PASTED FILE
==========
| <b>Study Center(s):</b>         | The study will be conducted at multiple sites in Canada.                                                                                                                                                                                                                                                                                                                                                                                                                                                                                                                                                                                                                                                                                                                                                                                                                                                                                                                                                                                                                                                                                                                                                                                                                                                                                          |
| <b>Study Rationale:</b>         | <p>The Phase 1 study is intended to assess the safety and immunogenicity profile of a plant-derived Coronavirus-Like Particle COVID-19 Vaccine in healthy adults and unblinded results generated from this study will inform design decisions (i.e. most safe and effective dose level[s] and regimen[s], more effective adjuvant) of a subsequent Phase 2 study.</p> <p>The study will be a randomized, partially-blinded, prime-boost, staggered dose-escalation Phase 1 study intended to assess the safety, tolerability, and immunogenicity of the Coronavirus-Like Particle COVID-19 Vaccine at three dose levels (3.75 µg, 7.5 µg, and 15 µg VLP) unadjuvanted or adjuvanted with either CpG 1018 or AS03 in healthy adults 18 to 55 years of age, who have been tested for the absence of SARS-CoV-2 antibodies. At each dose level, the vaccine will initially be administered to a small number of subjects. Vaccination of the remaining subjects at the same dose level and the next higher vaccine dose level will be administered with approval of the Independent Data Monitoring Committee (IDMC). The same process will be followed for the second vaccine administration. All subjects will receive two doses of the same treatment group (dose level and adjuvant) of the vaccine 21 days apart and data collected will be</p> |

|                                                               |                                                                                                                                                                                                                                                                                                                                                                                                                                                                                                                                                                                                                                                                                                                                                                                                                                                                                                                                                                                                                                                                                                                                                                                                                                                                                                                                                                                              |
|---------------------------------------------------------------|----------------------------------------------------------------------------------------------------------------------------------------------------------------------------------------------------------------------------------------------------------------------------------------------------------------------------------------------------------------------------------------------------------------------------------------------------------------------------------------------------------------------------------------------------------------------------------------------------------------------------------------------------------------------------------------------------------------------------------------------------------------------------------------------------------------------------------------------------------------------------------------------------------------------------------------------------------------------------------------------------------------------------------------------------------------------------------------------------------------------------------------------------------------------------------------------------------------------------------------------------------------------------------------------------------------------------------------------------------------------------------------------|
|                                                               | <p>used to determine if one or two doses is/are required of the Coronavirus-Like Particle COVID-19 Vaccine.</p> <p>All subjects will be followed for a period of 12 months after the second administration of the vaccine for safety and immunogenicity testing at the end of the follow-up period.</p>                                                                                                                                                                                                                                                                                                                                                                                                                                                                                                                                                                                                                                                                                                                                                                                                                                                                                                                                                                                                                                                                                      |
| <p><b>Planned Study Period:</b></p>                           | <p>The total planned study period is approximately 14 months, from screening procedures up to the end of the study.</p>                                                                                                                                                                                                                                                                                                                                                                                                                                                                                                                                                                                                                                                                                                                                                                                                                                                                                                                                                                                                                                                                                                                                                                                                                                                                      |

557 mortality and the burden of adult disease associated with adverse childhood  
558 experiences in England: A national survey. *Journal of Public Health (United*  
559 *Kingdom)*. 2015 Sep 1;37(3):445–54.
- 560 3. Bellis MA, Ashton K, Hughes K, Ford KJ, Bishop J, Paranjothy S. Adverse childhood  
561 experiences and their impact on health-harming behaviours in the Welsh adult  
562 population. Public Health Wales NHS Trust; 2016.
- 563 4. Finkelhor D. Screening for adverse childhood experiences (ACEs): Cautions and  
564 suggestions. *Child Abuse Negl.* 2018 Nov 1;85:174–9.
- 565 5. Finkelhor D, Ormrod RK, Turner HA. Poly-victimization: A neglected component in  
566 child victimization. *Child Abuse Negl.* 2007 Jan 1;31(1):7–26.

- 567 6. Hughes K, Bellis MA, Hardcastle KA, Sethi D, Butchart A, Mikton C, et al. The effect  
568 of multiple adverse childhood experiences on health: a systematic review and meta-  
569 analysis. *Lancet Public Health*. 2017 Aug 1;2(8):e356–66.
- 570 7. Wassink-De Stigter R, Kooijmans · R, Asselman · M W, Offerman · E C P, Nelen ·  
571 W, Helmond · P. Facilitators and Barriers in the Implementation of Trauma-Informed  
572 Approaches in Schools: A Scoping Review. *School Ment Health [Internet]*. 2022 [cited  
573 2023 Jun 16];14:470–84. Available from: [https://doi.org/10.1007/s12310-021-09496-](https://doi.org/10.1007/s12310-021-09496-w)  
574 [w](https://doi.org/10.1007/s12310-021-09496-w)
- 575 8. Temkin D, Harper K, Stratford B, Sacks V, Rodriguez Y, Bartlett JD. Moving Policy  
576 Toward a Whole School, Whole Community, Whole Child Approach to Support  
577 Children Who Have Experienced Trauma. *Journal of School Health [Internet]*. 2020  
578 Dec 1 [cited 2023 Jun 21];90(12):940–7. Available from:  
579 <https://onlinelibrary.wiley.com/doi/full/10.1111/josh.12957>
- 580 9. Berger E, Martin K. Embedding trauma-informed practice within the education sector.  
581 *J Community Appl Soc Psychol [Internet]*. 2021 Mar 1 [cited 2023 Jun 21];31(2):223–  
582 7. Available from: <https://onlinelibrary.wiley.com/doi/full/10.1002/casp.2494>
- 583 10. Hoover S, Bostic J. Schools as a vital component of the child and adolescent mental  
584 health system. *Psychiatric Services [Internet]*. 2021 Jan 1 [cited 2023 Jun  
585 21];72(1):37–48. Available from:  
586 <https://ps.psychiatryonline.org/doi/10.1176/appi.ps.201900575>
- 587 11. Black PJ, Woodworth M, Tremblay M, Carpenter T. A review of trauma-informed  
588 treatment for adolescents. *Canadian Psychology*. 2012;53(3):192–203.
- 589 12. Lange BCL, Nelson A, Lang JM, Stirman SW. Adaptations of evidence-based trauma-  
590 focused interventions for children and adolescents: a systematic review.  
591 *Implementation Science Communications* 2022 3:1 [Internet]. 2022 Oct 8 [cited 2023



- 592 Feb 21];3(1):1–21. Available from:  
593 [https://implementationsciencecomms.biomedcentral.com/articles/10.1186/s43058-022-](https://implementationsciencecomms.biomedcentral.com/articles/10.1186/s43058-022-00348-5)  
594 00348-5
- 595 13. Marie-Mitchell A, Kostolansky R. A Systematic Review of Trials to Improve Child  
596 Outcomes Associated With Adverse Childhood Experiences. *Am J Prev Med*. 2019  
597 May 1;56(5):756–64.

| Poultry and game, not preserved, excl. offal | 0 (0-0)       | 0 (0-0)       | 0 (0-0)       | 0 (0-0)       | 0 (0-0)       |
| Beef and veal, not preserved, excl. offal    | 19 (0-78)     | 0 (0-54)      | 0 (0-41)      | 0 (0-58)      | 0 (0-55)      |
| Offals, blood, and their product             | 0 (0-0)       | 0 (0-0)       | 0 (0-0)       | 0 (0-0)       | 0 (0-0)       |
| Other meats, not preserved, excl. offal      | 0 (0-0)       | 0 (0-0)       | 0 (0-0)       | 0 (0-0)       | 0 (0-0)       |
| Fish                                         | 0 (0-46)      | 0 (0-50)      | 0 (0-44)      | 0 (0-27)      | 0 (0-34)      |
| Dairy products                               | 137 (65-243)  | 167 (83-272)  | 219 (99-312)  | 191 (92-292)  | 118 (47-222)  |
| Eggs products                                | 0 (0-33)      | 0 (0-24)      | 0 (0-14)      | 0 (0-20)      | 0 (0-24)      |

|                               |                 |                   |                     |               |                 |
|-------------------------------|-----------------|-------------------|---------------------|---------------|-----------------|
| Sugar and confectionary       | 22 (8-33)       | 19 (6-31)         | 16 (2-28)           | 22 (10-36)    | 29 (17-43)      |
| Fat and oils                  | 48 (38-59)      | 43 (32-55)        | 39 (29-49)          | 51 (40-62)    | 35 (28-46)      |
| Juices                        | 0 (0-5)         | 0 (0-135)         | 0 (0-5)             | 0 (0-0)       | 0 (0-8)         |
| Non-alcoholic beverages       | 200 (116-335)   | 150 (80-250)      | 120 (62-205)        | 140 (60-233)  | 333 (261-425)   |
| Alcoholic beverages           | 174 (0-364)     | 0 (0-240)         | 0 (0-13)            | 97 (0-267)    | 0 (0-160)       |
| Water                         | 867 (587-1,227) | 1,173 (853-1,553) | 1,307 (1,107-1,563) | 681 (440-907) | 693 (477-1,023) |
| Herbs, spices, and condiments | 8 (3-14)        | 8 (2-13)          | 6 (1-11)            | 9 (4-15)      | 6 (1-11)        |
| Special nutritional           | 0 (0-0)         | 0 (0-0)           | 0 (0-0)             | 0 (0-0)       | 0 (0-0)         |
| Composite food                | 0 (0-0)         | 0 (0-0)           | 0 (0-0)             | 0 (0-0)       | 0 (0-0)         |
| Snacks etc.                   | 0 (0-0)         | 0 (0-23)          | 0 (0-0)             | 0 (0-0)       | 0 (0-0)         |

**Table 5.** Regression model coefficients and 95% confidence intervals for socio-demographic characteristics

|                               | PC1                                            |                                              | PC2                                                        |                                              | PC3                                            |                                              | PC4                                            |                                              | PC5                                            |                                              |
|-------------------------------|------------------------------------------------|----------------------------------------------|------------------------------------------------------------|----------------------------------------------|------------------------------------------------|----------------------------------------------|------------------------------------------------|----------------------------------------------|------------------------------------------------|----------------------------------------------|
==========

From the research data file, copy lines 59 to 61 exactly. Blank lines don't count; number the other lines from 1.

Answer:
| Juices                        | 0 (0-5)         | 0 (0-135)         | 0 (0-5)             | 0 (0-0)       | 0 (0-8)         |
| Non-alcoholic beverages       | 200 (116-335)   | 150 (80-250)      | 120 (62-205)        | 140 (60-233)  | 333 (261-425)   |
| Alcoholic beverages           | 174 (0-364)     | 0 (0-240)         | 0 (0-13)            | 97 (0-267)    | 0 (0-160)       |